“I don’t want a new mummy”

Today is Mother’s Day in the UK. (c) Millennium Images/Superstock

One night, lying in bed, saying goodnight to Rosie. Ben is there, too. We’re all squashed in, listening to a recording of Alan Bennett reading Winnie the Pooh, when Rosie says: “What happens if you get married again, Daddy?”

He pauses, caught off guard. “Well, I don’t think that’s going to happen. Not for a long time, I don’t think,” he says.

“But I don’t want another mummy!” she cries. “If you do that, I won’t ever go with you, Daddy. Never ever.”

“You only have one mummy,” he says. “That will never change.”

“I’ll always be your mummy,” I say.

“I love my mummy,” says Rosie and hugs me. “I don’t want another mummy.”

I hug her back, thinking, that’s my girl. I’ve never spoken to her about the possibility of her dad having another relationship – or me, for that matter. But five-year-olds today, right? A few months earlier, when she’d asked me why her dad doesn’t live with us and I explained we were separated she’d replied: “Oh! Now I have to tell my friends that my parents are split up.”

Anyway, that hug from my little girl. And that spontaneous expression of total loyalty – well, it caught me by surprise, too. Because even though Rosie is only five, she and I have had a fraught relationship. It’s my fault. I’m strict. I shout. I am wholly unpleasant sometimes. There is no excuse. I am this person: the impatient, shouty mother. I hate myself often, because each day I fail in so many ways. Sometimes, within hours of waking up.

I will not shout today, I vow as I greet another morning. I hum to myself as I cut mango and strawberries for Rosie’s breakfast. But as the minutes tick away from us in that last dash to get out the door in time – as Rosie faffs yet again when I’ve asked her to get dressed for the eighth time that morning – my volume increases dramatically. Inevitably, as the door is locked behind us, Rosie runs ahead of me in exasperation and hurt – runs away from me as we tread the mile to school.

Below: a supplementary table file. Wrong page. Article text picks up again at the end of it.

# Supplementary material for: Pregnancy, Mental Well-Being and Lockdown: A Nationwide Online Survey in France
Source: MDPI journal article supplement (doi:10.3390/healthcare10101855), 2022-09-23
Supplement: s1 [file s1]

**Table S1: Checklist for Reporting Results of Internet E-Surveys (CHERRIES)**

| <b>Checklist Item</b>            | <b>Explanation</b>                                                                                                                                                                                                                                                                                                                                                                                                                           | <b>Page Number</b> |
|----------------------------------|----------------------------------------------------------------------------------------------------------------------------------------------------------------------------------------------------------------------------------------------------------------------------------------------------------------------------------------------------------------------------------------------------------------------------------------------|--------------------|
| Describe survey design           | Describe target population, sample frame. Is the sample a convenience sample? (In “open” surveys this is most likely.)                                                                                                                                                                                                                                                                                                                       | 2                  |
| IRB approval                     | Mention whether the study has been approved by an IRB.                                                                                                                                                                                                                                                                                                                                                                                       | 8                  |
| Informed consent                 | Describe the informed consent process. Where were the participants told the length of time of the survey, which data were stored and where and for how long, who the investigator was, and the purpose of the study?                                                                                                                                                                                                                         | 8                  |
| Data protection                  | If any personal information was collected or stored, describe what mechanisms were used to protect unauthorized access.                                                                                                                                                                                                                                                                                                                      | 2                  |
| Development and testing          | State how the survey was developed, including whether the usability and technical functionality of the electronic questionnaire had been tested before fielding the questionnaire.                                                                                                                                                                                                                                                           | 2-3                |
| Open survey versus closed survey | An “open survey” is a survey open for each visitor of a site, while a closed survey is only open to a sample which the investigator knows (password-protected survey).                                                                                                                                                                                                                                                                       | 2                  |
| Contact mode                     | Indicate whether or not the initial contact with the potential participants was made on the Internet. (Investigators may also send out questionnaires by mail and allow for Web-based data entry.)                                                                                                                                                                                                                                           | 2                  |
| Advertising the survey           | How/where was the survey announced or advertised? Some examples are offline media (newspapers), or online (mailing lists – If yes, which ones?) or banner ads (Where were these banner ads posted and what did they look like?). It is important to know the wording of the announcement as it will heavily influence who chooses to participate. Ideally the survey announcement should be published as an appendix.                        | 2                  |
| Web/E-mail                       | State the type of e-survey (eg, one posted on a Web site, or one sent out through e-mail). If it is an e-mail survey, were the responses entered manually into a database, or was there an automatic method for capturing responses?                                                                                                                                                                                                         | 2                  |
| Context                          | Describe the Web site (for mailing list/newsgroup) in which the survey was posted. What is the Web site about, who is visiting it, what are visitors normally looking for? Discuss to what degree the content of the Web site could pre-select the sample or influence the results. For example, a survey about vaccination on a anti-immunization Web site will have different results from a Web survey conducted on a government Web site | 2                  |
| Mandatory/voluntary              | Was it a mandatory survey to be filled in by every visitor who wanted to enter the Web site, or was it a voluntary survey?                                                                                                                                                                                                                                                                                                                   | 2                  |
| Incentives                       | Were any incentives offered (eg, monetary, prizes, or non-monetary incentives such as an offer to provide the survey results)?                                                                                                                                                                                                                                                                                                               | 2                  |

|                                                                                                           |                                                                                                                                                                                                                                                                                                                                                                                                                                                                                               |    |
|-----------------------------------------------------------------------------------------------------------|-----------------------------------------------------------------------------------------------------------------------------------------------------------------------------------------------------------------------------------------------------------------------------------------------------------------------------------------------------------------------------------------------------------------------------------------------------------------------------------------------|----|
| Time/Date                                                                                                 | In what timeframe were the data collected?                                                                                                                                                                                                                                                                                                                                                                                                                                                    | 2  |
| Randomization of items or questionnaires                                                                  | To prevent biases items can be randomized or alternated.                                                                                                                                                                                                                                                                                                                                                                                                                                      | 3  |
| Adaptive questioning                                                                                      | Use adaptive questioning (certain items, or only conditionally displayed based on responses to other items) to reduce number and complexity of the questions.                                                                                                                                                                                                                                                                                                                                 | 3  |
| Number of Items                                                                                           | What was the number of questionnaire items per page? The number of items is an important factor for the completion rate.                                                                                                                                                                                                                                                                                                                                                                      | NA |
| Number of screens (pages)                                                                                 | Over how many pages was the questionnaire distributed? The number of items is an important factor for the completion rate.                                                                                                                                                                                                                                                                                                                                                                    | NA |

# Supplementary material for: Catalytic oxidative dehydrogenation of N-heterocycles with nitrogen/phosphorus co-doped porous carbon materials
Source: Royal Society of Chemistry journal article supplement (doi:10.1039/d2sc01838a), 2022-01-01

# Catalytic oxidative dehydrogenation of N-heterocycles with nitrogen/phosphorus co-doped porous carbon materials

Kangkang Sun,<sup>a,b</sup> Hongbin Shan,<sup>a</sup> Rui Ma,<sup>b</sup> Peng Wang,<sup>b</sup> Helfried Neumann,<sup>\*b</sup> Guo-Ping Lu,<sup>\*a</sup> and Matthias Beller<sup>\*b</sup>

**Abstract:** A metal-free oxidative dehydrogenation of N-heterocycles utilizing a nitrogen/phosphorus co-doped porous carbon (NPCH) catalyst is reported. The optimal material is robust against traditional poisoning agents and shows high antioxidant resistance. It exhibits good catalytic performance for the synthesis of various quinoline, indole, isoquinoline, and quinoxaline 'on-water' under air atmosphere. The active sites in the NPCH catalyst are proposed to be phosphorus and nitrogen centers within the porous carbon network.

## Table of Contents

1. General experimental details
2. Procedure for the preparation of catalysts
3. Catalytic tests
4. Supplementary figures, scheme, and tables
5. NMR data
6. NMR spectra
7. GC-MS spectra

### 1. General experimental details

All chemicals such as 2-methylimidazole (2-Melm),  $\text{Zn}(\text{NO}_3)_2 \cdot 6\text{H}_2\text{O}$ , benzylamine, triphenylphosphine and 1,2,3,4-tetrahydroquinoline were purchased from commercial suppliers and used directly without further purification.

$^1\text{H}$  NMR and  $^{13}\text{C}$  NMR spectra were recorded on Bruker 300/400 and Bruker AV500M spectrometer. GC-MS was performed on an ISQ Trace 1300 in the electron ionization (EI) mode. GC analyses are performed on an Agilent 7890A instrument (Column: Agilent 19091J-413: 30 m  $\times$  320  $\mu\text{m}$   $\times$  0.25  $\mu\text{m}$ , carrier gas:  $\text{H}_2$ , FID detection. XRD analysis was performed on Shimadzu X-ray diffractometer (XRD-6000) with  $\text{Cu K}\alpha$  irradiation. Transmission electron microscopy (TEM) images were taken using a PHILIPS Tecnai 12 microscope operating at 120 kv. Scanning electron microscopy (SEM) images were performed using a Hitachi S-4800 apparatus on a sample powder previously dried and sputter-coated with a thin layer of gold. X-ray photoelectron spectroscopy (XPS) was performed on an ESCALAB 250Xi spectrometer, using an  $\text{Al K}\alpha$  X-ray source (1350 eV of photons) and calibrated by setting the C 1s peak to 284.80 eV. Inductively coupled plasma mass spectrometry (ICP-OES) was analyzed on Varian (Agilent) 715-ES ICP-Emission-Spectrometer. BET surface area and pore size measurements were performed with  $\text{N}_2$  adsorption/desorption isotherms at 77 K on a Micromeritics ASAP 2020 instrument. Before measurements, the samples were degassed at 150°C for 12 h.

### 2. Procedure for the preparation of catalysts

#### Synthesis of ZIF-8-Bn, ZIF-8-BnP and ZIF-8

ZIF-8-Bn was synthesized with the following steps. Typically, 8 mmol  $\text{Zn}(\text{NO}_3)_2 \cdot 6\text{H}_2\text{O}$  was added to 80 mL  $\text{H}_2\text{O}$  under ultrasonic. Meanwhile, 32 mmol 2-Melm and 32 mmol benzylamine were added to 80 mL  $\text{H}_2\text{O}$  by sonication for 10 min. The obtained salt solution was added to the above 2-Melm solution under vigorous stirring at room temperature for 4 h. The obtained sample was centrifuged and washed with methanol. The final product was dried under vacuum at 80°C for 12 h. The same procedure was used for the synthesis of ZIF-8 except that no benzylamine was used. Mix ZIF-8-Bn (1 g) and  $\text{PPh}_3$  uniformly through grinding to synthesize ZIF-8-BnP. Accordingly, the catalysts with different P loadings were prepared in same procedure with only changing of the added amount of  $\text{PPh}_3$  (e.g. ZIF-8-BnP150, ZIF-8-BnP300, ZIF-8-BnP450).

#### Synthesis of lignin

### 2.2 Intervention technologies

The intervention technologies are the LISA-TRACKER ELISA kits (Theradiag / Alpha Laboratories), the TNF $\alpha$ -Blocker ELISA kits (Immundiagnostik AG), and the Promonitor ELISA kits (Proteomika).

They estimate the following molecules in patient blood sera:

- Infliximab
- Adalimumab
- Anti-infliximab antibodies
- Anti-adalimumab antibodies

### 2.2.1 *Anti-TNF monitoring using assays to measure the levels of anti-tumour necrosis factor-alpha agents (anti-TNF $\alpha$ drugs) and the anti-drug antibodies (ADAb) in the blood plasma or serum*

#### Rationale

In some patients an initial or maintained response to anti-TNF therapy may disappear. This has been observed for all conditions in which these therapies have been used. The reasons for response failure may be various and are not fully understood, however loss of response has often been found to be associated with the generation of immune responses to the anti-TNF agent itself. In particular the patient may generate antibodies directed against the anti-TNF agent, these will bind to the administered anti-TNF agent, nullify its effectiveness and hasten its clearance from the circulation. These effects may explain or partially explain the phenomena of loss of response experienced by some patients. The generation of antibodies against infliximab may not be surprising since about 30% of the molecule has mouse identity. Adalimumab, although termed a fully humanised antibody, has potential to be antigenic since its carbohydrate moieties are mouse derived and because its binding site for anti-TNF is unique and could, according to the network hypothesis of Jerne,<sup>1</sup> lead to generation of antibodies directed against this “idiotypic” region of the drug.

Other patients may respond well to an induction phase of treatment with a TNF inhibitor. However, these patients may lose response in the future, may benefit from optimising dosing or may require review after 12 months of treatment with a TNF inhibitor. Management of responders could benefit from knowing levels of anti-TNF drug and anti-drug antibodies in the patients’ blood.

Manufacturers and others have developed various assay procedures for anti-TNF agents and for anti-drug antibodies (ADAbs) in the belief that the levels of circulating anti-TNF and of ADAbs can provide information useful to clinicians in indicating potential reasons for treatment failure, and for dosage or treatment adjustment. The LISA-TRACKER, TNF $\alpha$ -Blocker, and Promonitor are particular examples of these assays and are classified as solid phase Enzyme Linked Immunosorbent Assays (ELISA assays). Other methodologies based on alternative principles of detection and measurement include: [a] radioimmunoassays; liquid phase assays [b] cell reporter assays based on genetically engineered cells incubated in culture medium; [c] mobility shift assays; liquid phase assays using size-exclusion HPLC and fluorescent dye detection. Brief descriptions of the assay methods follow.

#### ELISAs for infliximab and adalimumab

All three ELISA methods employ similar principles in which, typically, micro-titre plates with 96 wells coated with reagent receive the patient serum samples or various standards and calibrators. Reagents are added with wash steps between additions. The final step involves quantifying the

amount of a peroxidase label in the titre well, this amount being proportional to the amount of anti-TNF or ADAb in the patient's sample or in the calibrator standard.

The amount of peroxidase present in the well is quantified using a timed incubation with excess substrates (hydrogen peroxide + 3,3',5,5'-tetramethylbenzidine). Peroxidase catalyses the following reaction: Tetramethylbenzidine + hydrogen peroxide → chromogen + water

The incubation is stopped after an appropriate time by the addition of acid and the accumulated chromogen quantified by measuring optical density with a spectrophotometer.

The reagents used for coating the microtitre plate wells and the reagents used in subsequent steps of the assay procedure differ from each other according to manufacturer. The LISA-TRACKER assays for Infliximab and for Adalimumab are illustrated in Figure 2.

I see her little legs pumping up the road and I can see her in the future – out of reach, surly and probably always feeling like she isn’t good enough because her mum shouted at her nearly every day. I can see it even as I’m doing it. And yet it happens each time. And then I hate myself. I hate myself because I know that this is the type of thing that leads people into alcohol and drugs, right? What if all of this makes her find self-worth in dangerous behaviours? What if she ends up ruined – all because of me?

Every week, I find myself apologising to her, telling her how much I love and care about her. Explaining to her that even if I’m shouting, it’s because I’m impatient, not because I don’t love her. Telling her that she really is a wonderful, clever, beautiful child and that much of my strictness and pushiness is down to how much I care for her.

I tell her, I don’t give her treats every day, because I care about her. Because it’s not good for her health. If I didn’t care, she’d be eating sweets and cakes for every meal, because that’s the easy path to take. She sort of understands. But that doesn’t make it right for me to shout. And she knows that. She has said, on more than one occasion, that she is going to write to Santa to ask him to help me not shout any more. I tell her this is a good idea. And then I hate myself some more.

And so, this memory – this memory of my little girl turning to me and hugging me and telling me she doesn’t want anyone but me for her mummy, despite everything. I cling to it. And I hope she never changes her mind.